Edited by Suiwah Leung, Ben Bingham and Matt Davies
Chapter 12: The Political Economy of Policy Reform: The Future of Reforms for the Mekong 4?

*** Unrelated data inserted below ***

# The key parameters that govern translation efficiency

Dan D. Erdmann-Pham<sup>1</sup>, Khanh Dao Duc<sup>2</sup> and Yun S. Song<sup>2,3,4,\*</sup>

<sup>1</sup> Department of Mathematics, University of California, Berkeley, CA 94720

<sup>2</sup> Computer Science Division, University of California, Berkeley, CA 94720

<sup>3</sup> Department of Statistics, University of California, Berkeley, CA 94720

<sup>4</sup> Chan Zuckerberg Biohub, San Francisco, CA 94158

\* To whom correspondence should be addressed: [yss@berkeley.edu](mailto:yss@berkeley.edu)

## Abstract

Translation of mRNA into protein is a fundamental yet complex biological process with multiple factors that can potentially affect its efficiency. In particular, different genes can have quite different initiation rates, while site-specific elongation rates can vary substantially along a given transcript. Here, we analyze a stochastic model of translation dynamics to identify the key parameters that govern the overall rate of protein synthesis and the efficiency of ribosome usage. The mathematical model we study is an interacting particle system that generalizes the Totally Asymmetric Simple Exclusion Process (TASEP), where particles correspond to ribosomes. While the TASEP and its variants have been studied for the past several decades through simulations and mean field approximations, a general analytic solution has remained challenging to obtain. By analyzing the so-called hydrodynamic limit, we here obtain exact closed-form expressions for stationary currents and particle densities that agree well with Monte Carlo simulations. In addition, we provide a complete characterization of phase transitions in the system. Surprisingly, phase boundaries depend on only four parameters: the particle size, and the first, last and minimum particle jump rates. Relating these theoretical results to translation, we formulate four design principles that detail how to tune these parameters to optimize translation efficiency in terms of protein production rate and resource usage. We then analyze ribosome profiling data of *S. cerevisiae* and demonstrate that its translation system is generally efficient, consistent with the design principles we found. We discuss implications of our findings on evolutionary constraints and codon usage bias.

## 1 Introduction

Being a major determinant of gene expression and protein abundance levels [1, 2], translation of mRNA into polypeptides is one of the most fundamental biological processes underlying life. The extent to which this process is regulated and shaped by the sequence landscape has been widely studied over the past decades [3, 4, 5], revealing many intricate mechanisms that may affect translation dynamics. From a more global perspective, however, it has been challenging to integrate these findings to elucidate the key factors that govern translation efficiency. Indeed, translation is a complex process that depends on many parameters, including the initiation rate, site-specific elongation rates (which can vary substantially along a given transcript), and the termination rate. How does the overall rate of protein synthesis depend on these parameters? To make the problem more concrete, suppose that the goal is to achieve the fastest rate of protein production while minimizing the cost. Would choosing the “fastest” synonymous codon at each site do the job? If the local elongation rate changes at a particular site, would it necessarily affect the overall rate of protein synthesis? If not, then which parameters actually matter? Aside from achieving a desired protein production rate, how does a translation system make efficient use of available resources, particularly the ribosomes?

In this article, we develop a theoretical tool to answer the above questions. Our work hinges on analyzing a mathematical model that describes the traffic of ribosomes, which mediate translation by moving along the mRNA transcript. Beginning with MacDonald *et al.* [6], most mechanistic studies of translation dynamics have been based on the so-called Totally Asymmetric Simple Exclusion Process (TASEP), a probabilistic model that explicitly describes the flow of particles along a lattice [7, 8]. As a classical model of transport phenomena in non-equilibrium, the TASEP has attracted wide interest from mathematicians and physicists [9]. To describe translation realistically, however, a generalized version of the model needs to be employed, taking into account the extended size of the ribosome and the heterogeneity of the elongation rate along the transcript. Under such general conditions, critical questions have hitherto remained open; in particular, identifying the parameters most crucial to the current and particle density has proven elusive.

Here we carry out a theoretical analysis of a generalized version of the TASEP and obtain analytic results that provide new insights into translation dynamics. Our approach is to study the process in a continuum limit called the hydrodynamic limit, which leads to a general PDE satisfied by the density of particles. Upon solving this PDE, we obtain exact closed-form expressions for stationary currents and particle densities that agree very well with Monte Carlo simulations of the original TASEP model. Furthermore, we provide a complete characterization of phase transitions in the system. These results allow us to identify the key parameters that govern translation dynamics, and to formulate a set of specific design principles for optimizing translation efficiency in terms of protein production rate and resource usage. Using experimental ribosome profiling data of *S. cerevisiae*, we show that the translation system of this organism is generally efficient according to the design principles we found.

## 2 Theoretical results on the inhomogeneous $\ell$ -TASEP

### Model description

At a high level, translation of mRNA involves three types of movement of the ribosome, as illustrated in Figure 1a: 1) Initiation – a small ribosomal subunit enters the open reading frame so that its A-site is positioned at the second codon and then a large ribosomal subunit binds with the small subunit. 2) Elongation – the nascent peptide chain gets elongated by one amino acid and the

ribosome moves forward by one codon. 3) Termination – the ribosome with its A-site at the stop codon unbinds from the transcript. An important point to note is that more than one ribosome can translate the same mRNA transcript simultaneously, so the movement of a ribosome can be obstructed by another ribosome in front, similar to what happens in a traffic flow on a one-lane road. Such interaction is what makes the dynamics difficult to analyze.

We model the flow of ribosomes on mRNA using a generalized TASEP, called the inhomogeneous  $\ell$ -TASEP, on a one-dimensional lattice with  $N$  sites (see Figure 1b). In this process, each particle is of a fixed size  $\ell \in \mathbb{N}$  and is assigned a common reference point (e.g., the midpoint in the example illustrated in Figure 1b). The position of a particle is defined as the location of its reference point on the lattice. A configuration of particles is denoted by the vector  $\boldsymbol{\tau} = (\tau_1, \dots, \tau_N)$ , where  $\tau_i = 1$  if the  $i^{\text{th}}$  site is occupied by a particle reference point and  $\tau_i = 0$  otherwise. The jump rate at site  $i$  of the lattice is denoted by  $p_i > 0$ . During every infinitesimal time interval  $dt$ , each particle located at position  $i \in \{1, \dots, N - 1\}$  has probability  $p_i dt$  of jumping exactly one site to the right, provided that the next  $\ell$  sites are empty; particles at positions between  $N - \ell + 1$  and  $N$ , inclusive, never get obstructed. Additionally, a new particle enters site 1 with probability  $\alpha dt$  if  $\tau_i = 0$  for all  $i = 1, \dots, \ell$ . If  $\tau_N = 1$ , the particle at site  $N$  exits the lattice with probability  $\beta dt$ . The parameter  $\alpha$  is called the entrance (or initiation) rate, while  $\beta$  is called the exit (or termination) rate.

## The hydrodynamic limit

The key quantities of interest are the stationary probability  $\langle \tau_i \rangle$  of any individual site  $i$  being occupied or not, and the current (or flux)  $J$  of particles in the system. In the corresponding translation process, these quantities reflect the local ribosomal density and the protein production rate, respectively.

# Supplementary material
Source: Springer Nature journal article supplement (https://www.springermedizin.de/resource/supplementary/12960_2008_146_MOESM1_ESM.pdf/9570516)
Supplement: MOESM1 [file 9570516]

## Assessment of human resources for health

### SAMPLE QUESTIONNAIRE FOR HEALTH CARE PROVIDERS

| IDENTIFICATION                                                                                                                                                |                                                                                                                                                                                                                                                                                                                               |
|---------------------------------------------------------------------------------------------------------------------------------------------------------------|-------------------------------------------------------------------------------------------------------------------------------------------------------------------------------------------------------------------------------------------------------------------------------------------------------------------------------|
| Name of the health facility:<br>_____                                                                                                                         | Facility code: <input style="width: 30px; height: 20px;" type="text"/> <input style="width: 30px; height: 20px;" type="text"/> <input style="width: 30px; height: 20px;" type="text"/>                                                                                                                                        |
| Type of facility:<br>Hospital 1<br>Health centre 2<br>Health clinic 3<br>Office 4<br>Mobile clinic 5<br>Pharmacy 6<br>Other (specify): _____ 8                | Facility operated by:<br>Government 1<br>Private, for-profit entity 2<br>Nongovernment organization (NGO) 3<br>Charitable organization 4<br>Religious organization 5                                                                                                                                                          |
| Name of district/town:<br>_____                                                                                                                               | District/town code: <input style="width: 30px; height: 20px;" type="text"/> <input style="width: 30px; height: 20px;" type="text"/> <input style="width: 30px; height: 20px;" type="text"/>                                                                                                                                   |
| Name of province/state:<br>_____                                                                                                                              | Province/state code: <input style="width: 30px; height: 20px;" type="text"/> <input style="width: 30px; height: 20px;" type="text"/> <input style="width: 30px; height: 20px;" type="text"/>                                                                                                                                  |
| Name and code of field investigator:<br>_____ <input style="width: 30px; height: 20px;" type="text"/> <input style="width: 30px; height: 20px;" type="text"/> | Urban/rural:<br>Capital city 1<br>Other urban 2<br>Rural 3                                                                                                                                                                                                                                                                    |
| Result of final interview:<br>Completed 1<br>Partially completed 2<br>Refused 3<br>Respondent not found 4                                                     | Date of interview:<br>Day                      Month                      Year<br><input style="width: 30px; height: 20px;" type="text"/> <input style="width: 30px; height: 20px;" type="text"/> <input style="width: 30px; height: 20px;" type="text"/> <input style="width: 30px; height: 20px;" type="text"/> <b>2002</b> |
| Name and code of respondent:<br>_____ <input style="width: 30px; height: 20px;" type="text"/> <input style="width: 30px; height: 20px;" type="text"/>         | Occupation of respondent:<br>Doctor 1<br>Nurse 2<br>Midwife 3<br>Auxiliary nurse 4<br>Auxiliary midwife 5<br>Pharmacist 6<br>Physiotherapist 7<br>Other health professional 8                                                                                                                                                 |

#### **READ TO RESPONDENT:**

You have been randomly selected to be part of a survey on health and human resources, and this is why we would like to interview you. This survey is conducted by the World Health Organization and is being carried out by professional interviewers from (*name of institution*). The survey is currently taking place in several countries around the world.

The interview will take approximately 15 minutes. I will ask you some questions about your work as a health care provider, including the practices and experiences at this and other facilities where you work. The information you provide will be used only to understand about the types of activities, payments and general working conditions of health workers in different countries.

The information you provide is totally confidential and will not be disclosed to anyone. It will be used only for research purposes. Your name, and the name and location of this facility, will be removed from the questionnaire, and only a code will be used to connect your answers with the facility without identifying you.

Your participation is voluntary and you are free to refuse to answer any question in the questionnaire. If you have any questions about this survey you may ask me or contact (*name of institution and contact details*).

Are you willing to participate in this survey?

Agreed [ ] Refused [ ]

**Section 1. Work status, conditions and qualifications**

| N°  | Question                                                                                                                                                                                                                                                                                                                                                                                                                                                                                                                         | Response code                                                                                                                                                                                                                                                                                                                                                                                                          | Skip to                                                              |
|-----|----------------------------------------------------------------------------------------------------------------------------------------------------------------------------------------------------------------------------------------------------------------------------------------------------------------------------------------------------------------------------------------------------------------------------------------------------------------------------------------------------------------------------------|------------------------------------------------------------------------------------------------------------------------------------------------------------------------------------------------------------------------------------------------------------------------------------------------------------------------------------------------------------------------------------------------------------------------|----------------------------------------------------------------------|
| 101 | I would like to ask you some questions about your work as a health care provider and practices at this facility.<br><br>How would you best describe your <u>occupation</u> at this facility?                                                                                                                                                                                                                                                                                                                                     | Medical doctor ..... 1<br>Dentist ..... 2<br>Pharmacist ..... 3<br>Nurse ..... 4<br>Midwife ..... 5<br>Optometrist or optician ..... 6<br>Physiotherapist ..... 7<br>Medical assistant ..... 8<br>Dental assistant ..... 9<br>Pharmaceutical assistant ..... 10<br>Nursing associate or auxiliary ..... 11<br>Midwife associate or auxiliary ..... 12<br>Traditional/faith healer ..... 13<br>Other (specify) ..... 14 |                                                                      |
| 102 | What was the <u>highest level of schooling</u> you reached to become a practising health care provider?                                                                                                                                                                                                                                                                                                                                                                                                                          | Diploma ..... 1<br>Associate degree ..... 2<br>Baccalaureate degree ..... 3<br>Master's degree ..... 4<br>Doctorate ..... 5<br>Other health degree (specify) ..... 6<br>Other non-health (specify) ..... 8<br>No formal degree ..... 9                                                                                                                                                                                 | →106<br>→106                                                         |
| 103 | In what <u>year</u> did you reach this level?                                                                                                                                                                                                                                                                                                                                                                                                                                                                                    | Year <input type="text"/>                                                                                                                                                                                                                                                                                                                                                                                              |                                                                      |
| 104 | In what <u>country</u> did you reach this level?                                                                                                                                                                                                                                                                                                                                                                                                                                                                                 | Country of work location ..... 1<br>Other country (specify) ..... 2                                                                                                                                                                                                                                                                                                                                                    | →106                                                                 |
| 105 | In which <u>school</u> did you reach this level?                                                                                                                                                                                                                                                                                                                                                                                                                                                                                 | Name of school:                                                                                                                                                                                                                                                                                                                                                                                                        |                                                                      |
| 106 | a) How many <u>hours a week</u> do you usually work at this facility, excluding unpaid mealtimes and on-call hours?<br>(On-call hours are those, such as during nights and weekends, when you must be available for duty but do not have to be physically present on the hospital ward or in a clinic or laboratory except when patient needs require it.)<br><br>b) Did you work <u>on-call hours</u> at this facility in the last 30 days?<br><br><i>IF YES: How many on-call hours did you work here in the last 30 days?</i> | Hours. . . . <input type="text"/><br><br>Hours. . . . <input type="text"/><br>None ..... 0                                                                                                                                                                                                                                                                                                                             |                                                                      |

Hal Hill, Suiwah Leung and Trevor Wilson 1 INTRODUCTION Reform means durable and significant policy change that improves aggregate socio-economic welfare. The literature focuses on major changes in policy, sometimes referred to as ‘turning points’. Asian examples include China in 1978, India in 1991, Indonesia in 1966 and Vietnam in 1986. But some countries boast no such turning points. In Southeast Asia, policy reforms in Malaysia, Singapore and Thailand consist of incremental progress.1 In Myanmar, political changes in 1988 generated new policy directions without far-reaching reforms. The nature of reforms and their bureaucratic complexity also differs. Some measures are straightforward, stroke-of-the pen deregulations, such as introducing a floating exchange rate, replacing non-tariff barriers with tariffs, removing regulatory requirements, opening an industry to competition and abolishing corrupt agencies. These decisions require careful prior evaluation and a judgement that parties disadvantaged by reforms will not be able to sabotage them. But once this ‘due diligence’ has been undertaken, implementation is relatively straightforward. By contrast, other reforms require a bureaucracy capable of implementing them. For example, successful tax reform depends on a competent and honest tax administration. This may be an interactive process, in the sense that the reforms are designed to lessen the scope for discretionary interventions (such as a value added tax that builds in an incentive for compliance, simpler tax rates and regulations). Another illustration is that while decentralization of resources and administrative authority empowers sub-national agencies, a strong central government committed to clear goals is required for successful implementation...
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